It might be a bad idea, but sometimes by thinking the unthinkable, great new ideas float to the surface. You only have to think about how Canadians solved the problem of snow on their power lines to realise that a certain amount of expansive thinking goes a long way.

Patreon Science

As a self confessed fan of trying new ways to get an education (or in hipsterspeak, hack education) I’ve been following Patreon for a while now. For those of you who haven’t been paying attention, Patreon is the brainchild of a musician who was  popular on YouTube, but found that support for his music wasn’t turning into support financially. At least not for him. Cue a new way of doing things that allowed patrons to support projects they liked and for people to get paid for it.

So far, so simple. Patreon has been successful enough for people to copy it and spawn sub groups that cover science and education. The education sub group is so so, but the science section seems to be the natural abode for the weird and the wacky. The amounts of money involved are not huge and whilst the quality varies, some of them (Mr Carlson’s lab for instance) seem to tackle things that you just aren’t going to learn at school. Or college .. or anywhere for that matter.

School trips

Ross Mountney’s latest contribution to the Tutorhub blog has brought a smile to my face. Ross has been a consistent advocate of  taking your learning outdoors, but there can’t be many amongst who don’t have fond memories of school trips. I can’t even begin to imagine how stressful they are for the teachers, but putting aside any of the things you might learn on the trip, the experience of getting out of school for a day was always memorable.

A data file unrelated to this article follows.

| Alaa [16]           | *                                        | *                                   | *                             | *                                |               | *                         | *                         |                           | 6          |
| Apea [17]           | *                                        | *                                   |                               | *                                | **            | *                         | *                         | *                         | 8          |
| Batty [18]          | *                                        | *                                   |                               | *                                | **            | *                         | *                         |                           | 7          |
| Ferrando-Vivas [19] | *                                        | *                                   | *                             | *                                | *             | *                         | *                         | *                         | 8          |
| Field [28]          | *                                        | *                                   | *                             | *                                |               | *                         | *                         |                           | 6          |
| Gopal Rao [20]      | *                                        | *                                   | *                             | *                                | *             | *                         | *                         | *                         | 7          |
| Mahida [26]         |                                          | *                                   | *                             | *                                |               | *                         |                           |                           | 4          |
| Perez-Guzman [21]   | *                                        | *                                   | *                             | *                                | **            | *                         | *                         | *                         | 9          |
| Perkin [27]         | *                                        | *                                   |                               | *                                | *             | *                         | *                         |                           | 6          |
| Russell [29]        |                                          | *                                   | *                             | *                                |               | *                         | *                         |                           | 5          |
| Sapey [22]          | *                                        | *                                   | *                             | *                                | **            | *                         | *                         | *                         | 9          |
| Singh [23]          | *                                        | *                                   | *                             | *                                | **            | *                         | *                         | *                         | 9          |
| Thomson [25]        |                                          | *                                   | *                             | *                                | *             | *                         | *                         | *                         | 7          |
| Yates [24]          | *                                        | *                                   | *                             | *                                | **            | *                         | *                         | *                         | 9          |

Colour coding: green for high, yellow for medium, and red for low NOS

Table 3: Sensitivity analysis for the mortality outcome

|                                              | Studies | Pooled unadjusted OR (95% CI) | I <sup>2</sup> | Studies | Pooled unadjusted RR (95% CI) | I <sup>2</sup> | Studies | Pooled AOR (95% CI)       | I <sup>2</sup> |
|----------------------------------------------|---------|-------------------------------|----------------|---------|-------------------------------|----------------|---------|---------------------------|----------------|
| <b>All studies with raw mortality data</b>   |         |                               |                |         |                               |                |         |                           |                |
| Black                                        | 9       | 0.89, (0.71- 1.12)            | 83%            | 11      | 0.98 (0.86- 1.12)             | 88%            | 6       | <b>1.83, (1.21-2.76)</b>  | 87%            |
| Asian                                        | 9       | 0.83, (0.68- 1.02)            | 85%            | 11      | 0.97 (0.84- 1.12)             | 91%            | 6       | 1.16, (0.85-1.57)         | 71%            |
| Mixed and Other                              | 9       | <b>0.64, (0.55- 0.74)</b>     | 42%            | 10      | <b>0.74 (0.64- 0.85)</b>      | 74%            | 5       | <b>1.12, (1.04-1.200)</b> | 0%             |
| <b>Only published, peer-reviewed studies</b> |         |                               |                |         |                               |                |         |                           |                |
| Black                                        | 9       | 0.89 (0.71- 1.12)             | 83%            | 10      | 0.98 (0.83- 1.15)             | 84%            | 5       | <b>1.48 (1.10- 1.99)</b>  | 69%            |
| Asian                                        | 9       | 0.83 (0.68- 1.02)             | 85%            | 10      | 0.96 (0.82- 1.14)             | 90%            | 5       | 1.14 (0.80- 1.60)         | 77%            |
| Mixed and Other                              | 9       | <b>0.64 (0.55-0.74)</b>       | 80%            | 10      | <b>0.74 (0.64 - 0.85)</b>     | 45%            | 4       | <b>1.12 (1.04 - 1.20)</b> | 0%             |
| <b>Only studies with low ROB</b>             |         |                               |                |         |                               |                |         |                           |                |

It was only many years after I’d left school that I realised that one particular trip, which at the time seemed to be a massive distance from the school, it could have been to the Amazon for all I knew, was literally around the corner. When educators talk about ‘teachable moments’, I sometimes think that school trips should be an excellent opportunity to get the attention of young students, but to be honest, all I can ever remember about the trips was the getting there and the getting back. The bit in the middle always appears to be a void. When I see school trips snaking their way around museums today, I can see why. No one is paying attention, there are too many other things going on. But at a time when all we talk about is how school can be effective, how school can prepare students for the world of work, its good to remind ourselves that every once in a while, school should be fun and school trips should be the most fun of all.


Regus House
1 Friary

Temple Quay
United Kingdom